Snapshot - Markets
Infrastructure debt: why ESG is more than just a marketing term
Many investors are jumping on the ESG (Environmental, Social and Governance) bandwagon but who is really committed to backing up these values through credit analysis?
Infrastructure markets recently threw up a live case study of what can go wrong when investors fail to take account of ESG risks. News that the US utility, Pacific Gas & Electric Corporation (PG&E), could be on the hook for $30 billion in unexpected liabilities, shocked markets.
As a regulated monopoly providing gas and electricity to California, this was supposed to be a textbook, low-risk, investment. The company’s corporate bonds, with their solid investment grade credit rating, were priced as such. At the start of 2017 their tight credit spreads offered very limited compensation for risk. With the company filing for bankruptcy on 29 January 2019, this turned out to be a catastrophic misjudgement.
So what happened?
California suffered some of the deadliest wildfires on record over 2017 and 2018. The initial cause has not yet been legally established but the finger of blame has been pointed at PG&E. Arid land, the result of several years of drought, encouraged the fires to spread.
A peculiarity of California law means that if PG&E equipment is found to have caused the initial spark that triggered the fires, PG&E, rather than the insurance industry, will be held liable for all damages. This holds even if no negligence is found on their part. Burdened by potentially crippling damages, PG&E and its primary operating subsidiary, Pacific Gas and Electric Company, have filed voluntary petitions, under Chapter 11 of the U.S. Bankruptcy Code, in the United States Bankruptcy Court for the Northern District of California.
Fitch estimates that recovery rates on the company’s unsecured debt will range between 51% to 70%, quite a significant shortfall compared to the average among defaulting infrastructure companies. Lenders to this supposedly low risk company stand to lose substantial amounts.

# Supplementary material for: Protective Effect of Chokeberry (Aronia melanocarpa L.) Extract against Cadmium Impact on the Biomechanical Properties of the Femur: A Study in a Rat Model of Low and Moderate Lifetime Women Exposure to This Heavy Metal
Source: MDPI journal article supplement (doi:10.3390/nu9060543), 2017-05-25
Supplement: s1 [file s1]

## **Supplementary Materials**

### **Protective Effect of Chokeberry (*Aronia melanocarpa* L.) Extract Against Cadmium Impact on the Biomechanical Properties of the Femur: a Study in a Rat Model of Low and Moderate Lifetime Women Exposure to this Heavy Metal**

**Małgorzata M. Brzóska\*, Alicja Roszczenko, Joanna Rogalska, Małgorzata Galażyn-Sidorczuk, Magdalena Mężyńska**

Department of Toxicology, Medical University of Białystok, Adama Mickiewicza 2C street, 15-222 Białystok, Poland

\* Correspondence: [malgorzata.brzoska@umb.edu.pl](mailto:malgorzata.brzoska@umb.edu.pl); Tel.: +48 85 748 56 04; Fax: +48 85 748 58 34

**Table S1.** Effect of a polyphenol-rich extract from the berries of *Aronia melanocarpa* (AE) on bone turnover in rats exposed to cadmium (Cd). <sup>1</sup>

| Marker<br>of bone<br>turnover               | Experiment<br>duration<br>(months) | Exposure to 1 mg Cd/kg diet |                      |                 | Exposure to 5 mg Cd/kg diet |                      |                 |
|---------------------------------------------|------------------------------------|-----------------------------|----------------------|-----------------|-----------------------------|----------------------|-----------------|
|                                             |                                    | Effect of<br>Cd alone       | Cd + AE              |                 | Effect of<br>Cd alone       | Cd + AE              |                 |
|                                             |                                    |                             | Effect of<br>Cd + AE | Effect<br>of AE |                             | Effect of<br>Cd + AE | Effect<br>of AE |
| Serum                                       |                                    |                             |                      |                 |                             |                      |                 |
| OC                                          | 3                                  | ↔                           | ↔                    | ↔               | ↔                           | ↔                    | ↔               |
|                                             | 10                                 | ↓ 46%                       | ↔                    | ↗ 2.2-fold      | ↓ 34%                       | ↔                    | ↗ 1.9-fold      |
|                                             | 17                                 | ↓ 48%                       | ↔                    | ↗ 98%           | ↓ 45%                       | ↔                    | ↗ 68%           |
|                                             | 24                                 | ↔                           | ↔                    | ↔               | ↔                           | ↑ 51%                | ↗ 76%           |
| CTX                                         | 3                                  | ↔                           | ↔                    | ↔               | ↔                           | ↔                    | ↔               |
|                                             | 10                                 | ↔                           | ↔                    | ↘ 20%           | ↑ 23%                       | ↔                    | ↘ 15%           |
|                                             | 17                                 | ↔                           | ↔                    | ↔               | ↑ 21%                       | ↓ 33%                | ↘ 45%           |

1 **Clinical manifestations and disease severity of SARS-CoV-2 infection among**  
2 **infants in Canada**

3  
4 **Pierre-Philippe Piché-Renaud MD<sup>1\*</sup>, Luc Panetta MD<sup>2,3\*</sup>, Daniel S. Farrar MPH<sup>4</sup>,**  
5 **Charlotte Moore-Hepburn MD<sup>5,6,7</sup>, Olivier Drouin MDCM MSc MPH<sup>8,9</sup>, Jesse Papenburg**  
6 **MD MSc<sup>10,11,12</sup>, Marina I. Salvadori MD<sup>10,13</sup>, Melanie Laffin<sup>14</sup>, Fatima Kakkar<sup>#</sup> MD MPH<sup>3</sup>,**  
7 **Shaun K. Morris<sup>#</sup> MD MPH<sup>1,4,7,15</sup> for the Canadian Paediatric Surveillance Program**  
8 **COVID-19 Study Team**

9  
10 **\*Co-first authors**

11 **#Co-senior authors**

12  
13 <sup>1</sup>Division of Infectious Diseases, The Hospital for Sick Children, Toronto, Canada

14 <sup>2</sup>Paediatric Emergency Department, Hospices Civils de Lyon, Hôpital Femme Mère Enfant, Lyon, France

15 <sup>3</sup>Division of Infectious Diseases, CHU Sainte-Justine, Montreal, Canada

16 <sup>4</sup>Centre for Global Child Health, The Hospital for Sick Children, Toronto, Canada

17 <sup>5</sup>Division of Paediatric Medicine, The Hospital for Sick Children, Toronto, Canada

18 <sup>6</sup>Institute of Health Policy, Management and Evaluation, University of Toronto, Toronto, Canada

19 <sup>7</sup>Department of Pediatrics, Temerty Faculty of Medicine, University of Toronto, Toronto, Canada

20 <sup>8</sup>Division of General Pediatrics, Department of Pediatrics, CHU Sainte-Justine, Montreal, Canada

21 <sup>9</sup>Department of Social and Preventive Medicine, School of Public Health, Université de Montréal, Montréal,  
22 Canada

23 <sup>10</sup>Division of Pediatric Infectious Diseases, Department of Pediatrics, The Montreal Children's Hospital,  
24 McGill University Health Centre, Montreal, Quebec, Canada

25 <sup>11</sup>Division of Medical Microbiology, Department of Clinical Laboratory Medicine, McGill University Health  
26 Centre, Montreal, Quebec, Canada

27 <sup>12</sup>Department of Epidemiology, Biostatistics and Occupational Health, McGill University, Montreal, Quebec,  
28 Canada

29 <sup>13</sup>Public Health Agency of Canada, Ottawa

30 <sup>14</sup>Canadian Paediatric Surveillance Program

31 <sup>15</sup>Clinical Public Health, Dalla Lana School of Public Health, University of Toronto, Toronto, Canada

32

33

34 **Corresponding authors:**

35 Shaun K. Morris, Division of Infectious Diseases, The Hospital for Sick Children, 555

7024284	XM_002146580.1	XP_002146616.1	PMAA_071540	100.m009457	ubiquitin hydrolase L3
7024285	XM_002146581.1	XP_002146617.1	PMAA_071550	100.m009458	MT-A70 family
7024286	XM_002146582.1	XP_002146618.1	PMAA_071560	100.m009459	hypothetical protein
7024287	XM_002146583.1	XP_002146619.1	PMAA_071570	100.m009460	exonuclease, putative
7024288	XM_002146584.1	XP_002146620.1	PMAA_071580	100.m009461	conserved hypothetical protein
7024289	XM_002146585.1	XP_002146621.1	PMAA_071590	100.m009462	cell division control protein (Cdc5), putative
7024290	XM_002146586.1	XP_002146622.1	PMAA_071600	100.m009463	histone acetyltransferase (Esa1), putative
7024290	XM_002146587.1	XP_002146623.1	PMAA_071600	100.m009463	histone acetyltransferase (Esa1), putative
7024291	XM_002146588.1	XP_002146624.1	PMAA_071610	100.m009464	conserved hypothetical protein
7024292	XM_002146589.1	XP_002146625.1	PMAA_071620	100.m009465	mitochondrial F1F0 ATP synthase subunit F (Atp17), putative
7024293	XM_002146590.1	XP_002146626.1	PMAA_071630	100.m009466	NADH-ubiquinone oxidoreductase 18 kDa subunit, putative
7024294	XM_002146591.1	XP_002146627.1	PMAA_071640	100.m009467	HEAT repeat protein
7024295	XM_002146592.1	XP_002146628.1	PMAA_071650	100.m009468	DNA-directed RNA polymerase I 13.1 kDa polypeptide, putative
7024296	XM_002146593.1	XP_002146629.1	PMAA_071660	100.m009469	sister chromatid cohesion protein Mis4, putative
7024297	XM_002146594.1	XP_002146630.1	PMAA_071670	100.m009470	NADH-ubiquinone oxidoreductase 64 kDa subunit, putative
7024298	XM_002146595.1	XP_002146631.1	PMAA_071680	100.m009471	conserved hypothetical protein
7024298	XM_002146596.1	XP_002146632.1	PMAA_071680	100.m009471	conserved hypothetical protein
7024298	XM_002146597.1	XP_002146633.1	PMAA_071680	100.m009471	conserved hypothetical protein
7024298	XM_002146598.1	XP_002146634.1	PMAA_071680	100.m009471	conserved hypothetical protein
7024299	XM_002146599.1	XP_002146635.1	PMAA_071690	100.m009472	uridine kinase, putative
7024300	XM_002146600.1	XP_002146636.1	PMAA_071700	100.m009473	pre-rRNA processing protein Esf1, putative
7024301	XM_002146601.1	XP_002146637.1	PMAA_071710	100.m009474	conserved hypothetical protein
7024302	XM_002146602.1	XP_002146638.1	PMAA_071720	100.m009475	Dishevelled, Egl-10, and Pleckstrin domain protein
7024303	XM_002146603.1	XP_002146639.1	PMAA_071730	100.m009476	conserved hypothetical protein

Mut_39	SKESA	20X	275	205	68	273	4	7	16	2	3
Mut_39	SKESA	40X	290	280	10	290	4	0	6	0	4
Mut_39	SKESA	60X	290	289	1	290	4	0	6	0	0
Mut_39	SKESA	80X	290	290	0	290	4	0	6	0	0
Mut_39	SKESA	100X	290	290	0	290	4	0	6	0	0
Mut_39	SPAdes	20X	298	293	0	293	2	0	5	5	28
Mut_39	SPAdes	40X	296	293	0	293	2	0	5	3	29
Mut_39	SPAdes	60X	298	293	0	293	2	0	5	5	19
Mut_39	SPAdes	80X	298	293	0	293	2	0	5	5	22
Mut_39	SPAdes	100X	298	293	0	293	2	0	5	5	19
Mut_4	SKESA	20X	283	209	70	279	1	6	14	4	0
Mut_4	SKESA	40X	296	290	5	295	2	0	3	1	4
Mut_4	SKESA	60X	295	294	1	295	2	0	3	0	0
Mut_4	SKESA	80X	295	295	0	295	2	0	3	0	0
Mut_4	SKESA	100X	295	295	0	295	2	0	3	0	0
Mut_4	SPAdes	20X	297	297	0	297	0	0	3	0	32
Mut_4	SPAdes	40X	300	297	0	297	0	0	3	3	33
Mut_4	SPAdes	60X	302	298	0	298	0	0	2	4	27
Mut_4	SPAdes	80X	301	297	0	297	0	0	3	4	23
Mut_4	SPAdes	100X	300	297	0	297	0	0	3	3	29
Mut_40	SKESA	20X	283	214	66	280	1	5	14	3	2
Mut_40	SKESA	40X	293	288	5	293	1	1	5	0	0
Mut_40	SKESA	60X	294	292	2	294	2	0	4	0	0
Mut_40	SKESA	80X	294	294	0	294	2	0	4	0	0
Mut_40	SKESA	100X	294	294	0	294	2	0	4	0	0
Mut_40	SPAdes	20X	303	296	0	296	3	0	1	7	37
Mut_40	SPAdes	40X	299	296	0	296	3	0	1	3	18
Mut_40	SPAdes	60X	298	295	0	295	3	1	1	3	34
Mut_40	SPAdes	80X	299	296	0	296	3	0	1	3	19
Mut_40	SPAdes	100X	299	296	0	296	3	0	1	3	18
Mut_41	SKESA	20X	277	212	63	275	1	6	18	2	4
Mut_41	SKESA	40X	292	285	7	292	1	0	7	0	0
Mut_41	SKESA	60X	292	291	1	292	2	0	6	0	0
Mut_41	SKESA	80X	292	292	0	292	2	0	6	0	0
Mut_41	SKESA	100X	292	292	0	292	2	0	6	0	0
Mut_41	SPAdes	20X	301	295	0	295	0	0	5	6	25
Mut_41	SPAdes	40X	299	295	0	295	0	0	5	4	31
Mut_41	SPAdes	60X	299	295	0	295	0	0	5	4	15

What should have been done differently?
Climate change is increasing the risk of destructive weather related events. A warmer, drier climate raises the risk that a small fire spreads, resulting in large scale losses. Several years of droughts should have been a warning sign. Geisha Williams, chief executive of PG&E until she resigned in January 2019, specifically argued that the firm was exposed to “climate-driven extreme weather, facing wildfire after wildfire”. Investors failed to price this environmental risk effectively.
We believe a core part of any credit analysis should include assessment of environmental factors and how they may impact a borrower. As a European investor, the environmental considerations Schroders evaluates are sometimes different to those affecting investments in the US, but they are no less important in their potential impact.
For example, in the case of Scandinavian energy networks we analyse how harsh winter conditions could disrupt the network and estimate how many working days may be lost due to events such as snapped cables, resulting from freezing conditions. Any periods of operation interrupted by adverse weather have repercussions on a company’s revenues. Ultimately, they destroy value for lenders and sponsors. Governance and culture are also an integral part of our research. As infrastructure debt investors, ESG considerations such as these are at the very core of what we do.